In his first public comments on the July raid by UPAC, the provincial anti-corruption unit, Philippe Couillard said: "I want no compromises. I want the truth," and, "people will have to answer for their actions."
News of the raid was kept quiet for two months. It appeared in different media on the eve of the reopening of the legislature Tuesday, marring the Liberals' first day of the fall session.
Couillard said that when police decided not to announce the raid over the summer, he and the party concluded that they had better stay silent to avoid interfering with the investigation, and assumed the news would come out anyway if anyone was charged.
He offered few details when asked Tuesday what police were looking for, and who they were targeting.
"There were so many boxes — I don't know what was in there," he said Tuesday, adding that some of the seized documents had been returned.
News of the raid overshadowed all other issues Tuesday at Quebec's national assembly, including the controversial debate over religious accommodations.
Some Liberals grumbled that the timing of the news appeared all too convenient, for their political opponents.
One Liberal MNA also expressed frustration on his way into the legislature that the caucus had not been informed of the raids before the media report.
The initial report, on Radio-Canada, said some Liberal MNAs had been questioned by police but it did not specify whether they were current or past politicians.
Couillard said he's begun asking his current MNAs whether they have been questioned by police and, so far, none say they have.
What about past MNAs — are any of them targeted by police?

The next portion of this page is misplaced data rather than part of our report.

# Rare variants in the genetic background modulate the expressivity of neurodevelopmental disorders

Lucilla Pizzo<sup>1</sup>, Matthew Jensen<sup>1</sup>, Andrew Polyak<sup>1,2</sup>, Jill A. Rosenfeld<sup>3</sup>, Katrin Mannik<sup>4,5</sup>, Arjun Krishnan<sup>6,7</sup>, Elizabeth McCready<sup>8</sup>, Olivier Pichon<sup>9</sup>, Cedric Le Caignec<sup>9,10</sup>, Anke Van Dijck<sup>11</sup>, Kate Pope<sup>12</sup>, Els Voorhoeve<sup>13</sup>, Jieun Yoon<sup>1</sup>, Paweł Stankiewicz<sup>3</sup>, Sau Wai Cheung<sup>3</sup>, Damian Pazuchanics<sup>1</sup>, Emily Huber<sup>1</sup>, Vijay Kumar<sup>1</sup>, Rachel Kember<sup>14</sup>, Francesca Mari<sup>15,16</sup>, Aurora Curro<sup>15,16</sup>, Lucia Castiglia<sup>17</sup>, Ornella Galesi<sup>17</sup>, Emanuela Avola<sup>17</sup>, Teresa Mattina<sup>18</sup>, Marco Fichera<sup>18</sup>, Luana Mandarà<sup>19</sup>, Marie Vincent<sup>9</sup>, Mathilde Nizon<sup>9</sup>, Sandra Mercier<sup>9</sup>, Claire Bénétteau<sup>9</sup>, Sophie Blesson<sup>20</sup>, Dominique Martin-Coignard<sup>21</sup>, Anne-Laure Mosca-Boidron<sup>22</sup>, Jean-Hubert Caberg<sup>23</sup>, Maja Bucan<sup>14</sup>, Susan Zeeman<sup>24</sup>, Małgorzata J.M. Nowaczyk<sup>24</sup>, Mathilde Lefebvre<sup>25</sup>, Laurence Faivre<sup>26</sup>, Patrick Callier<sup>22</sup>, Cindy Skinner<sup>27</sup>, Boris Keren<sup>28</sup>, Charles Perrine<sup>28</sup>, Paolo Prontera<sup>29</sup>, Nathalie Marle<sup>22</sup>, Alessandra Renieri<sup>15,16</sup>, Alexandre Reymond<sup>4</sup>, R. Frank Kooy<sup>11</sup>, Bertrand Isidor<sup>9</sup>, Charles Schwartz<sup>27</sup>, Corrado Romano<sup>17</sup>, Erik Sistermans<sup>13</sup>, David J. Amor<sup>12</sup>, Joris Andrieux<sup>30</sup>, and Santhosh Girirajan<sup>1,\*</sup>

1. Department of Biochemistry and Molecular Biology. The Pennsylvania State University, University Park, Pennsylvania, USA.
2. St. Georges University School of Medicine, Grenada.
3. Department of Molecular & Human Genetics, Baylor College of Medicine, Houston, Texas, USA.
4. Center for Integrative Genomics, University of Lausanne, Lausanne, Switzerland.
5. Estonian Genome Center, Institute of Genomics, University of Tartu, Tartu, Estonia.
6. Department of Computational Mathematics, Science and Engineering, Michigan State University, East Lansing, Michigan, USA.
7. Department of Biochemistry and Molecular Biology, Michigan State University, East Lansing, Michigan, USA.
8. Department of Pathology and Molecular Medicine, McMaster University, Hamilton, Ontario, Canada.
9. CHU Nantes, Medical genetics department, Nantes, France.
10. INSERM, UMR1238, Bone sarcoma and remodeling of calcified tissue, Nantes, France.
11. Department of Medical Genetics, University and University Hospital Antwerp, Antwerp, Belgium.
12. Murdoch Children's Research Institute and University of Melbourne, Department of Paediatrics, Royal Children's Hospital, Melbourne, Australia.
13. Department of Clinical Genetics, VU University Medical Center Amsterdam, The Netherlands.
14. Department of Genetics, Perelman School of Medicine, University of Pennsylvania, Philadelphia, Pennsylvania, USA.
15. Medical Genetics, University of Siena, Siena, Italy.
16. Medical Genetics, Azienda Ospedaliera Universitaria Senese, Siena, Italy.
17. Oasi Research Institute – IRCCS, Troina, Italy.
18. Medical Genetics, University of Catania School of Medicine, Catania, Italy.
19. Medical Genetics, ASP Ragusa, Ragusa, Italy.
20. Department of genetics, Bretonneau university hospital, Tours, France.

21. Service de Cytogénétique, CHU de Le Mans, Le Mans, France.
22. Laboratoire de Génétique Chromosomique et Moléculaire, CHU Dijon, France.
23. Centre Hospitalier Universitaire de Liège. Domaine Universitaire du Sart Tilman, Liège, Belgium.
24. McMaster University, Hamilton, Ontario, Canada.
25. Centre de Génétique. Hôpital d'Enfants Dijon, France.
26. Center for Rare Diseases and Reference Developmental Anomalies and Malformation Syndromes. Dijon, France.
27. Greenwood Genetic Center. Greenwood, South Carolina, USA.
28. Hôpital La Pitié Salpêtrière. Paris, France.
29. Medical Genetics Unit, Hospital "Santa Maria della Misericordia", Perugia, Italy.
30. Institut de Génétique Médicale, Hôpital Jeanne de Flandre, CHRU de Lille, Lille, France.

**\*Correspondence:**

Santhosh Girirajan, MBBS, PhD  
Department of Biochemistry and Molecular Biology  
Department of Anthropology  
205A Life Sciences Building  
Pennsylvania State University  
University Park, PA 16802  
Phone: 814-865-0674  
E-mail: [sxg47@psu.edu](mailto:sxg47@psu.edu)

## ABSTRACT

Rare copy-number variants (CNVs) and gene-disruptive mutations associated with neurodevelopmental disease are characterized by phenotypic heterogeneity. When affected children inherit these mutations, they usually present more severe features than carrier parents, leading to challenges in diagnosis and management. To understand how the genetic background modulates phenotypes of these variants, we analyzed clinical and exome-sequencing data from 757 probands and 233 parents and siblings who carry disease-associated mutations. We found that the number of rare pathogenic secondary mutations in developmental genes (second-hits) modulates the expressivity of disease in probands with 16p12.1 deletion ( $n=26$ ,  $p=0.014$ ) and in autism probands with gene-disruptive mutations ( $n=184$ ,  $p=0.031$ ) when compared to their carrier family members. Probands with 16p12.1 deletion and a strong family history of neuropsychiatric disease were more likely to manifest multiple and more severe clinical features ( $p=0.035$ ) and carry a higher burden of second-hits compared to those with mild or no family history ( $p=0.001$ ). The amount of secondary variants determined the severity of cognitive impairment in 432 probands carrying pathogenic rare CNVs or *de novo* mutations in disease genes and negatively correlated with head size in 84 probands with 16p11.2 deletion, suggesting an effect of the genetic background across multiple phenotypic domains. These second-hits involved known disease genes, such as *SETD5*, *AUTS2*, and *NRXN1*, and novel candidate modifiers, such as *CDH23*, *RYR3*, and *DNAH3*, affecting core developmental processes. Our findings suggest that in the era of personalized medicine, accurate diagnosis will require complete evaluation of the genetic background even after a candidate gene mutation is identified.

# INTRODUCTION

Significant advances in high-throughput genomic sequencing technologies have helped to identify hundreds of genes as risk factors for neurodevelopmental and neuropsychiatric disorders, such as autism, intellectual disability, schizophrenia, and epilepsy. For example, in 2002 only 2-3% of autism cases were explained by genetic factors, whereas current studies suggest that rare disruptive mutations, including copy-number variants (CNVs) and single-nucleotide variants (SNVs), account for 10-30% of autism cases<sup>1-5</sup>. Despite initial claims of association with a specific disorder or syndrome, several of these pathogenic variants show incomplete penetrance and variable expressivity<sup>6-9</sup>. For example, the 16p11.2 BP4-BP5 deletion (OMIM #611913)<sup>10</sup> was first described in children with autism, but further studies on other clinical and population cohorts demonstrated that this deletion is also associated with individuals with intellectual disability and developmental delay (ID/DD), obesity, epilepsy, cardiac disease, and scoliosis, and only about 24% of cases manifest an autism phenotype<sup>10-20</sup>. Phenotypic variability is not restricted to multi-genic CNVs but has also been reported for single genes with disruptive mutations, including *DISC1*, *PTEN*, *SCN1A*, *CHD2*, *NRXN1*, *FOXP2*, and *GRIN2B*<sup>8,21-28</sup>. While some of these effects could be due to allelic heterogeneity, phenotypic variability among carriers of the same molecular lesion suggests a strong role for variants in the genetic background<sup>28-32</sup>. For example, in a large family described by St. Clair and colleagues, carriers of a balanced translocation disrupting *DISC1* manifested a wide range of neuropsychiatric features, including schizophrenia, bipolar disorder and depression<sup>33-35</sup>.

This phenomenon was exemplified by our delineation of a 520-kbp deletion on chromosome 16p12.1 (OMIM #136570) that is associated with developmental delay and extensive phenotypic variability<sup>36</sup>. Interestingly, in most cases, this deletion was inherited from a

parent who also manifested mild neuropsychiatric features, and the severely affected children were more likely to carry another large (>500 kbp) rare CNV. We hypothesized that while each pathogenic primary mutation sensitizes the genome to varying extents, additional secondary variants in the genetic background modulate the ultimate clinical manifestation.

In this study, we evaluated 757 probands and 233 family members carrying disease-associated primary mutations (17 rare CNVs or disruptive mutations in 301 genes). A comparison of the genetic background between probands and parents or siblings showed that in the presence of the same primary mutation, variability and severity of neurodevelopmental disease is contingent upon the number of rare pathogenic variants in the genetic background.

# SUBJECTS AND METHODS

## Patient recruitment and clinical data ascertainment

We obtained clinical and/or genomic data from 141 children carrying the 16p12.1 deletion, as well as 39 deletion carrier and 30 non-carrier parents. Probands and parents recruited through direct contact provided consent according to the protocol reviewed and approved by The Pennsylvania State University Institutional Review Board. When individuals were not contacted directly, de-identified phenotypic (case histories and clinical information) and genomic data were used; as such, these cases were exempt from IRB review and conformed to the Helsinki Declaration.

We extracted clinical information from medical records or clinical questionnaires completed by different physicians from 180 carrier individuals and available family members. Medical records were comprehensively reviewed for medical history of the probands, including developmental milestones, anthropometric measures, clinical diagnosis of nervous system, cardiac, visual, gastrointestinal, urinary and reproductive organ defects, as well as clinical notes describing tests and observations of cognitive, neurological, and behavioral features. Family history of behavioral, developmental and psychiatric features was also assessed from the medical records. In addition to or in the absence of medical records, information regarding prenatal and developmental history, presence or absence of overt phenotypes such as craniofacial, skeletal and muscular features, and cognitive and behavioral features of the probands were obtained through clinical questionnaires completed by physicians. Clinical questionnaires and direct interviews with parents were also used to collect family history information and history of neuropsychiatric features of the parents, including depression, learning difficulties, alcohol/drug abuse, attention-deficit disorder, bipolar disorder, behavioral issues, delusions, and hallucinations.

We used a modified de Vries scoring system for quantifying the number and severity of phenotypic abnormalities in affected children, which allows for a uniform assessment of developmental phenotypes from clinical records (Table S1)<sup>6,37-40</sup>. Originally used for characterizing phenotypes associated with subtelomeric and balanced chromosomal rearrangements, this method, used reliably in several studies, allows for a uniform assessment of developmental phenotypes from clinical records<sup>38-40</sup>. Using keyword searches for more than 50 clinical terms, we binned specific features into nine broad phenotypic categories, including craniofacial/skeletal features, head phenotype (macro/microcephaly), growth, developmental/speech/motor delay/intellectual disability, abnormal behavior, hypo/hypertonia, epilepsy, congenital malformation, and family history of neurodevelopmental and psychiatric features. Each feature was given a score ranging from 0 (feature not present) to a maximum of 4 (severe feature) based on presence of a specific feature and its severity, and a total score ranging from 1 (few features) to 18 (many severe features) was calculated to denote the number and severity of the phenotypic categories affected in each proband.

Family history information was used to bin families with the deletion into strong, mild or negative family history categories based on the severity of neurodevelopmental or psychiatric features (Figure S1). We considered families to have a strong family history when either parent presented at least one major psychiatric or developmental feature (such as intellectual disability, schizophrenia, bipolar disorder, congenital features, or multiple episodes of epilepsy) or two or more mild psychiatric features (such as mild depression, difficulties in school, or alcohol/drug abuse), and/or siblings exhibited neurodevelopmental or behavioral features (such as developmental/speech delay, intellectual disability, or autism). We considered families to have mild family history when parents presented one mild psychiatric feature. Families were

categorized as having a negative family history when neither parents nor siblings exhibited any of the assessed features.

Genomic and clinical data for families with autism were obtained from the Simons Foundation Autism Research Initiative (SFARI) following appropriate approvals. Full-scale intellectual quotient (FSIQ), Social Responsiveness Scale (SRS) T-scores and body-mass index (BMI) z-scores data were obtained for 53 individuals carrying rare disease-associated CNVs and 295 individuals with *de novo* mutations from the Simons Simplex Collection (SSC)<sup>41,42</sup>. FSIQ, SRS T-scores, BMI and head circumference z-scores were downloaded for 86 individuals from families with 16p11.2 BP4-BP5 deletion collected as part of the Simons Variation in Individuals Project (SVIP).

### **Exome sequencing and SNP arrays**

"I don't want to know," Couillard said. "I don't want to intervene in any way in police investigations."
In recent months, UPAC raids have often been the prelude to arrests. The anti-corruption unit, created by the past Liberal government, has arrested more than 100 people.
Couillard says the political environment has already changed in Quebec, with reforms brought in under the Liberals and now the PQ, although he promises more changes in the future.
He says he wants to introduce a code of ethics for his party, specifically, and also for future governments.
He illustrated that point by castigating a party MNA who distributed fundraising letters, in front of a synagogue, in which he listed things the Liberals had done for the Jewish community.
The party has in the past been accused of linking its fundraising to government favours — with lucrative daycare permits being one example. Past daycare spaces were specifically referred to in the fundraising letter distributed at the synagogue.
Couillard cited a media commentator who called the synagogue fundraiser "awkward." Couillard said it was worse than that.
"It's not awkward... It's inappropriate and unacceptable," he said.
"If a dollar comes into the party that way, I don't want that dollar."
He said every fundraising dollar that comes into the party should come because people support its ideas, not in exchange for past or future favours.
One of those Liberal ideals is the defense of minority rights, Couillard said, in reference to the debate over the Parti Quebecois' proposal to ban religious headwear in the public service.
But one opponent said the incident involving the synagogue fundraising letter shows nothing has changed in the Liberal party.
"They'll keep collecting money while hinting that there could be a favour returned," said Coalition Leader Francois Legault.
The Liberal MNA involved in the controversy, Pierre Marsan, apologized in the legislature Tuesday.
The province's elections watchdog said it will investigate.
It noted in a news release that under the law only individuals, and not groups or associations, can be approached for donations.
The purpose of that rule is to avoid anything that resembles the so-called "sectoral" fundraising that, according to testimony at the province's ongoing corruption inquiry, long defined the relationship between the construction industry and Quebec political parties.